Of Cricket, Airplanes and Lotas
In the year 1700, a genius kind of a fellow named Daniel Bernoulli was born in the city of Goringen in the Netherlands. Brilliance was in his genes and his whole family was very smart. Daniel studied business and then medicine at the wish of his father but mathematics remained his first love. Daniel Bernoulli is best known for a principle called the Bernoulli’s Principle which states that when the velocity of a fluid increases, the pressure decreases simultaneously.
Big deal, some would say. But the fact is that this principle is behind the working of objects as disparate as a spinning and swinging cricket ball, an airplane and even the humble lota.
Given our country’s cricket mania, let us examine the cricket ball first. In spin bowling there is this deceptive flighted delivery that beats the batsman in the air. What happens is that the trajectory of the ball as predicted by the batsman gently changes leaving the batsman swinging at a ball that is not quite there and getting out by getting a touch or being stumped if he has stepped out too far. The great Indian spinner Bhishen Singh Bedi was a great practitioner of this deception. Bedi was no relative of Bernoulli but unknowingly he was putting the famous principle in action. Such a ball is launched with a clockwise spin on it. The spin accelerates the velocity of the air above the ball and thus reduces the pressure on the top. Since the pressure at the bottom of the ball becomes higher that the pressure at the top, the ball lifts gently as it travels toward the batsman thus deceiving him. The same phenomenon is observed when a tennis player hits a ball that is below the height of the net but the ball sails over the net. In tennis parlance the payer hit the ball with a top spin.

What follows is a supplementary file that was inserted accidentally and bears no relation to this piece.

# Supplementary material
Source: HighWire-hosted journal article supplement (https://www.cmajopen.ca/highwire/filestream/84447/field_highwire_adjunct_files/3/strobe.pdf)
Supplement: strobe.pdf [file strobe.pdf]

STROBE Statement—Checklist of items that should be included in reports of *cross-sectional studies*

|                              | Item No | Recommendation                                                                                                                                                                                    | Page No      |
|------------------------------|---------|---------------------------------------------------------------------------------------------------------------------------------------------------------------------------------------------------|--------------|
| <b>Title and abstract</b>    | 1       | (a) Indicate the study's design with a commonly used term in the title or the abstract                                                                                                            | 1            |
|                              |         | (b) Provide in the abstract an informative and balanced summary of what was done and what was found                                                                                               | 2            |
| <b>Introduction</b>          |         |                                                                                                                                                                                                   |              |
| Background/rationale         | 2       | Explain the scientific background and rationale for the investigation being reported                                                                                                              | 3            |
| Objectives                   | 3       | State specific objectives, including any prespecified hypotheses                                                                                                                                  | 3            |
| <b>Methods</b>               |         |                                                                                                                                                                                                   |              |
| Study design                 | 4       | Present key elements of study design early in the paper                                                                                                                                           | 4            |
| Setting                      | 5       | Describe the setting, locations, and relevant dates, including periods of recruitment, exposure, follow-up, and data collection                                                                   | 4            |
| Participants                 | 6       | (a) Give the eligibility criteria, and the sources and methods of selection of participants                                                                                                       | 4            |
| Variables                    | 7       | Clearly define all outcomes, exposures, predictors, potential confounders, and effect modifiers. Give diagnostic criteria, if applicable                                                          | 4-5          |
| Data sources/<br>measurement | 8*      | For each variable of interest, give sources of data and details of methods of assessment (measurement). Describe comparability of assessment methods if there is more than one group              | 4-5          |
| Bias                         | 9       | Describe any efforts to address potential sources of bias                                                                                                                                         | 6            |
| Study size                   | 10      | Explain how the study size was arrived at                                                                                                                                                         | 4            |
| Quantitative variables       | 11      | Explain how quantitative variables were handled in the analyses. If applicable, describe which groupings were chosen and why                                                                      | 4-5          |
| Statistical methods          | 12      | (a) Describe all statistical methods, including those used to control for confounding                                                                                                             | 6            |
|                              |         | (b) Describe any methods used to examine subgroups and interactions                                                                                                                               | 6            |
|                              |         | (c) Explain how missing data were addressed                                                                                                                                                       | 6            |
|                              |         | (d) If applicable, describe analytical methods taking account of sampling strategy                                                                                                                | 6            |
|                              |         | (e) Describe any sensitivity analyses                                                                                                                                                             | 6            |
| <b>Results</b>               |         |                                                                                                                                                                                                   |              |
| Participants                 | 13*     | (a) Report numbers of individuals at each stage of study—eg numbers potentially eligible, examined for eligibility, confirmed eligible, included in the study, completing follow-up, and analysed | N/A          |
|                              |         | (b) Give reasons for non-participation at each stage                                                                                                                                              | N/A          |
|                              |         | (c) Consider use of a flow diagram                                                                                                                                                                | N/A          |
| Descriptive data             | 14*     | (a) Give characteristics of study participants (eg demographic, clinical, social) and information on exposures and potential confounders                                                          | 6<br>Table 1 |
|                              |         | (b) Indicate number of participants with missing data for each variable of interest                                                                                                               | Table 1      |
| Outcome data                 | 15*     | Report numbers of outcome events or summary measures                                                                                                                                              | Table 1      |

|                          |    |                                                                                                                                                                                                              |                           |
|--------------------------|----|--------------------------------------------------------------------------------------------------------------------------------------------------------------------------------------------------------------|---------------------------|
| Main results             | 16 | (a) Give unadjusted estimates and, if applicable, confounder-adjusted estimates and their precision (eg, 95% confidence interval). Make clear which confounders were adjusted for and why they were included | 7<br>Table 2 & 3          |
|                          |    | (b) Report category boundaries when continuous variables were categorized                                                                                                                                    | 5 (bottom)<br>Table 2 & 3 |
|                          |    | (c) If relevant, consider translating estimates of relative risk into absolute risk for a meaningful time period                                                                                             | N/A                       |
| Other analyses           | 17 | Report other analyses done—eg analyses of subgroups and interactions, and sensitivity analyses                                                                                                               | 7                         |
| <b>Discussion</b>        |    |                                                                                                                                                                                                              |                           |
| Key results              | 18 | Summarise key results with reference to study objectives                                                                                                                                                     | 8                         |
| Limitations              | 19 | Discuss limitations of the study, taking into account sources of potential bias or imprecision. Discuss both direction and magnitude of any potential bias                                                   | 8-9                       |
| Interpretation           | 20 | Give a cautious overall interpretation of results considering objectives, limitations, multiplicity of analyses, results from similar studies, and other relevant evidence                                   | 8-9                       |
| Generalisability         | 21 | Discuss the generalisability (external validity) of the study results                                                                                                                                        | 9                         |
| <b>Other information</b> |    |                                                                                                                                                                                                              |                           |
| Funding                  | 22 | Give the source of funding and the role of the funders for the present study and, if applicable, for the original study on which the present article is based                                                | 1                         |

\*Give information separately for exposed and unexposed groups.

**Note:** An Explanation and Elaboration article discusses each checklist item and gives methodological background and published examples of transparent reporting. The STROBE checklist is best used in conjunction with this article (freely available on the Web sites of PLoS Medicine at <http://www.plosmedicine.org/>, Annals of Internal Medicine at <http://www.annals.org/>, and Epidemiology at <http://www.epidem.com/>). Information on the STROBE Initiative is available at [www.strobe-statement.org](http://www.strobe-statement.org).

Ok, but cricket is just a game and airplanes are serious business. What has this fellow Bernoulli got to do with flight? Everything, actually! Notice the wing of a plane: it is slightly thicker and rounded at the leading edge. As the plane is hurtling on the runway for take-off the wind is rushing over the wings. However, since the same amount of wind has to fly over the top of the wing and the bottom of the wing, it has to speed up at the top to make up for the extra thickness there. This, as in the case of the spinning cricket ball, decreases the pressure at the top of the wind thus resulting in an upward force that lifts the plane off the ground and later keeps it afloat. But why is the edge of the wing curved so smoothly? That is simply because Bernoulli’s principle is valid only if the flow is smooth or “streamlined” so that there is no loss of energy due to turbulent flow.
Now here comes the kicker. What possible connection can there be between the high and mighty science behind Bernoulli’s principle and the humblest of the humble object like the lota? Bernoulli may never have used this device but if his principle is not well understood by the designer of a lota it can has very negative consequences for the user. The lota is able to eject the water through the spout at a high velocity (and to some distance) because the stem of the spout is larger than the end. As the water passes through the tapered spout it has to speed up to take into account that the end has a smaller area. Now if the spout does not have sufficient taper the water will not accelerate enough and will flow out before the intended target.
The readers of this article are required to answer the following questions to verify that they understood it:
- Which spinner had the best flighted delivery?
- Do PIA planes follow Bernoulli’s Principle?
- Why is a Lota more reliable than a Muslim Shower?
- Are the lotas of the Parliament the same as the lotas in common households?
The writer is an engineer by training and a social scientist by inclination.